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Detasseling, a Midwest Rite Of Passage, Faces Extinction

ELLEN BYRON / Wall Street Journal 9aug02

Denver attorney Jonathon Bergman has his share of 12-hour days, weekends in the office and cross-country business travel. But he says the hardest work he ever did was a teenage summer job as a corn detasseler.

"Sure, preparing a closing argument at 1 a.m. isn't easy, but I would choose that over detasseling any day," says the 36-year-old Mr. Bergman.

Growing up in Nebraska, where it's said that corn plants outnumber people by about 100,000 to one, Mr. Bergman was one of the thousands of teenagers throughout the Midwest who each summer engage in this now-waning rite of passage.

detasseling corn

Corn detasseling is the crucial last step in producing hybrid corn seed. It involves removing the pollen-producing top part of the plant, the tassel, so the corn can't pollinate itself. Instead, pollen from another variety of corn grown in the same field is carried by the wind, pollinating the detasseled corn. The result is corn that bears the genetic characteristics of both varieties and can produce healthier crops with higher yields. Despite technological advances in agriculture, detasseling is still a task that for the most part is done by hand.

The detasseling season lasts only about 20 days beginning in mid-July and, because it's usually minimum-wage work, it doesn't attract many migrant workers. But teenagers are drawn to the fast cash they can make, sometimes $4,000 a season. About 100,000 teenagers in the U.S. do this work each summer, according to estimates by seed companies and detasseling contractors.

Parents like the lessons their children learn in making a hard-earned dollar. Indeed, many fathers and mothers did their turn at this work themselves, and see it as an important challenge to be faced during their children's formative years. Larry Oetting, the detasseling contractor in Seward, Neb., who hired Mr. Bergman when he was a teenager, says he also put his own kids to work as detasselers. "You know it's hard, but it builds character, too," he says.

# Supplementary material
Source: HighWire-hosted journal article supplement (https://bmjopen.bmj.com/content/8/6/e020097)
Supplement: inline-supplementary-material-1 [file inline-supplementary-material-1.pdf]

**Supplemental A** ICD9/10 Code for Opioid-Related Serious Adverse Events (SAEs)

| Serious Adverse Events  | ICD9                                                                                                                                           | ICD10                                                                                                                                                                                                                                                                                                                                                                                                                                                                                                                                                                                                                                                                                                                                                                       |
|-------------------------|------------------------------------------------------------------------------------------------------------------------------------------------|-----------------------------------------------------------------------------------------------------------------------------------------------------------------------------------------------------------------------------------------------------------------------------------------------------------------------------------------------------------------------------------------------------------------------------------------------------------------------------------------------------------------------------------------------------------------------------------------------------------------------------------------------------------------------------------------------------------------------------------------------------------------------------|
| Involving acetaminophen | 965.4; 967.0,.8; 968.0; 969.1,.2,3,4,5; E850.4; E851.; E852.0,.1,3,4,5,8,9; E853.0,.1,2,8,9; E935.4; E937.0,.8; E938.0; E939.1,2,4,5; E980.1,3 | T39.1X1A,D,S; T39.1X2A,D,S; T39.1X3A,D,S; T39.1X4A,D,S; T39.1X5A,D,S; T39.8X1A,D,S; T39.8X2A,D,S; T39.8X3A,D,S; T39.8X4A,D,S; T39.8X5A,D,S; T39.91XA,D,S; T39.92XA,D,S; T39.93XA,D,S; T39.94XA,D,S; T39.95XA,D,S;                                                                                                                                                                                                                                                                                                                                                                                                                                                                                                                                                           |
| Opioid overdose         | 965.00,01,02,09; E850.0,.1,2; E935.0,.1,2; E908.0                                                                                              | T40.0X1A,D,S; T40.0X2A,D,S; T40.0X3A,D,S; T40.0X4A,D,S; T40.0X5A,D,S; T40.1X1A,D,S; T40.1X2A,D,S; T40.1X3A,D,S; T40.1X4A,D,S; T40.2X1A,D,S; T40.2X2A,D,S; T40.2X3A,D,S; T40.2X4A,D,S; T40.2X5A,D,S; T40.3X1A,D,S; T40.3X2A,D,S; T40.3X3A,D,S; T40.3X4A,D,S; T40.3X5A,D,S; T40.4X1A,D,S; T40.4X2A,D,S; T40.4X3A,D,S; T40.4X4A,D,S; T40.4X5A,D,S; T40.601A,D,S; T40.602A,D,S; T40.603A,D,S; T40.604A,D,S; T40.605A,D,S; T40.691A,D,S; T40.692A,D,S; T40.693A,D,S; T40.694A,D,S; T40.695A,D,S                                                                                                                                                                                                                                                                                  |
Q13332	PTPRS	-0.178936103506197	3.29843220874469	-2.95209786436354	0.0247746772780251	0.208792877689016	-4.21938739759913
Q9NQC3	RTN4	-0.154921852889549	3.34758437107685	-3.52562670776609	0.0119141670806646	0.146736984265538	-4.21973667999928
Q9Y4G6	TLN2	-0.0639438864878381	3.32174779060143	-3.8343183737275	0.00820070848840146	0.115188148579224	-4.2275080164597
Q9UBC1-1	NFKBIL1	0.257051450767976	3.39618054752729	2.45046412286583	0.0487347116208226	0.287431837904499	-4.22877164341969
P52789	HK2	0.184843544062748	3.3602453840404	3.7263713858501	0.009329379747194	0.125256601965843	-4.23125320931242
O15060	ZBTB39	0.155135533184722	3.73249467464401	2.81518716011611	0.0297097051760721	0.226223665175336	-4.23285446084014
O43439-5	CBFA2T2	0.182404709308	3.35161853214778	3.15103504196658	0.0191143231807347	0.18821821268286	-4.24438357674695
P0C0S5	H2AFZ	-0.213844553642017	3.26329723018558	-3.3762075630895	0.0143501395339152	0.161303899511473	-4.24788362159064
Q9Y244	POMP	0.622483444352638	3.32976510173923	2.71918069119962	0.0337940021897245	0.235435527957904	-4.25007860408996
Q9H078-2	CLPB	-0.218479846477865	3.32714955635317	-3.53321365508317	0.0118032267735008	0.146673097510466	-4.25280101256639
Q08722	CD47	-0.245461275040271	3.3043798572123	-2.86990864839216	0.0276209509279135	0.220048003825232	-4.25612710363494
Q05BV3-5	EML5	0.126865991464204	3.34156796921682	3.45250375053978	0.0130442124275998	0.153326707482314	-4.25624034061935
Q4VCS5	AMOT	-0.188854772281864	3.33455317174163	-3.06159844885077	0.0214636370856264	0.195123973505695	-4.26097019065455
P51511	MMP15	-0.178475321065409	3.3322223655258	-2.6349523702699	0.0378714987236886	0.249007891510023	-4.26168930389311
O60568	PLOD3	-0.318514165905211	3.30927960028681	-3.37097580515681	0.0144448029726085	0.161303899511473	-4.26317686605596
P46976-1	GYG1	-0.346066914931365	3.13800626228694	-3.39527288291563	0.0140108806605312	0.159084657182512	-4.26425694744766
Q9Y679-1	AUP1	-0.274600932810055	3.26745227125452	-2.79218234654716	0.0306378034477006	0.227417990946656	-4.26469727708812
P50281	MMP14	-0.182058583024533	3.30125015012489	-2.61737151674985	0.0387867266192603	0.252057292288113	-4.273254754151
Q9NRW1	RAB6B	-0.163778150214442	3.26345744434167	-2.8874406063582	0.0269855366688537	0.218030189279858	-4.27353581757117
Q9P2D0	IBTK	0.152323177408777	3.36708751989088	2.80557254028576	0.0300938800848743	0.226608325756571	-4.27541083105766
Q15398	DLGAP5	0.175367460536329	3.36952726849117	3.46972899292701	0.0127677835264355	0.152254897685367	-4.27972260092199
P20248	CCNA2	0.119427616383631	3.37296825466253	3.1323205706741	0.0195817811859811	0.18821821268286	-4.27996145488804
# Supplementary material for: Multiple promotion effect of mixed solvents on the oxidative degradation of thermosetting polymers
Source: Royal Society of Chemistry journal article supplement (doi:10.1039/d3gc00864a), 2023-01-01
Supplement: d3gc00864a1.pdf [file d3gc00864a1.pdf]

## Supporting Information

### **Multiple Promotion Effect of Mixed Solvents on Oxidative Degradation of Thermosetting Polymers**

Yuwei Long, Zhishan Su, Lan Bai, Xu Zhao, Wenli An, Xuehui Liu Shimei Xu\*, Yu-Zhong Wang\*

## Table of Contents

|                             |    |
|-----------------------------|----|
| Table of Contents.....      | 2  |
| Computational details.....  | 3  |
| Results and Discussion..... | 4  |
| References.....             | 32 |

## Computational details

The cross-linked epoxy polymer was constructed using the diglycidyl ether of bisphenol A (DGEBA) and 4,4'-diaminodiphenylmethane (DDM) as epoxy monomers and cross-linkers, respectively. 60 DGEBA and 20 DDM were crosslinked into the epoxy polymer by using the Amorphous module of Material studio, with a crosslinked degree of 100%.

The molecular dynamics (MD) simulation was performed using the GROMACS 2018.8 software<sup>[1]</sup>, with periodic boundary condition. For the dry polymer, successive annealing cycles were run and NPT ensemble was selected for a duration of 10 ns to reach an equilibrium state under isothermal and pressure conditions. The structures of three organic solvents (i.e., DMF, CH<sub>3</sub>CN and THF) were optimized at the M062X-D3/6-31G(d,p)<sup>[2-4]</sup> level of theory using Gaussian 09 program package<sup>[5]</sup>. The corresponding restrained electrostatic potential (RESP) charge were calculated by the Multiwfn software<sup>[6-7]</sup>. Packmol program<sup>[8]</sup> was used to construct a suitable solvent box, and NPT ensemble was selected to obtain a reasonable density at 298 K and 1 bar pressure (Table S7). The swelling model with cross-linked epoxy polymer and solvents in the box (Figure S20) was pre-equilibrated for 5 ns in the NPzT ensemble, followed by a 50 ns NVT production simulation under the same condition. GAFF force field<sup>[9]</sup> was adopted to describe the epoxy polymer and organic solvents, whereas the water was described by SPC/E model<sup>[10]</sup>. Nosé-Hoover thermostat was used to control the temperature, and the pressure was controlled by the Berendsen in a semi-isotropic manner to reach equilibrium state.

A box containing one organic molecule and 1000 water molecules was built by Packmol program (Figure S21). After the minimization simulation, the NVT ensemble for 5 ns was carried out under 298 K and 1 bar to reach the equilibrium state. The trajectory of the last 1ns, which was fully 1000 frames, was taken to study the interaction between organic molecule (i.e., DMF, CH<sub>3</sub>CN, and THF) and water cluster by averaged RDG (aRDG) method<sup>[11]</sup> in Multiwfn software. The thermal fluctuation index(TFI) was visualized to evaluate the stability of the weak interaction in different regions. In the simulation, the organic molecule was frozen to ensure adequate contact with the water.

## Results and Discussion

"I was the youngest of six kids, and no one thought I could do it," says Robin Young-Walters, a 24-year-old graphic designer in Decatur, Ill. "I remember the money was good, but I don't remember that being the most important thing. It was more about having everyone else know I survived."

But the tradition of detasseling could be coming to an end. Seed companies are developing ways to make wider use of what's called "male-sterile corn" -- corn whose tassel doesn't produce pollen, thereby eliminating the need for detasselers. It's planted next to a corn variety that is able to pollinate, so cross-pollination can be achieved more efficiently.

A DuPont Co. subsidiary, Pioneer Hi-Bred International Inc., the world's largest seed company, employed about 35,000 detasselers in the U.S. last summer. It says that widespread use of male-sterile corn is one of its major priorities. "Next to what we pay farmers to contract their land for growing, the biggest cost to us is detasseling," says Dean Oestreich, Pioneer's vice president of supply management.

Saying goodbye to tradition won't be easy. "It would be a real loss not to have detasseling in the summer," says Nathan Raabe, 21, a junior at Concordia University, in Seward, who completed his ninth detasseling season this year. "It's a ritual, just like high-school football games on a Friday night."

Detasseling began in the 1940s, when geneticists discovered the benefits of hybrid corn. Using hybrids also improves the taste -- and the sales -- of sweet corn, which is the type most people are accustomed to eating. Americans on average ate about 9.4 pounds of fresh corn-on-the-cob last year, up 2% from the year before, according to Gary Lucier, an economist for the U.S. Department of Agriculture.

Though detasseling machines are in wide use, the height variation of corn plants ensures that no machine can completely detassel a field without the help of a human hand. Since just a few unwanted tassels could pollinate, and therefore ruin, a field of hybrid corn, seed companies producing hybrids insist on detasseling perfection.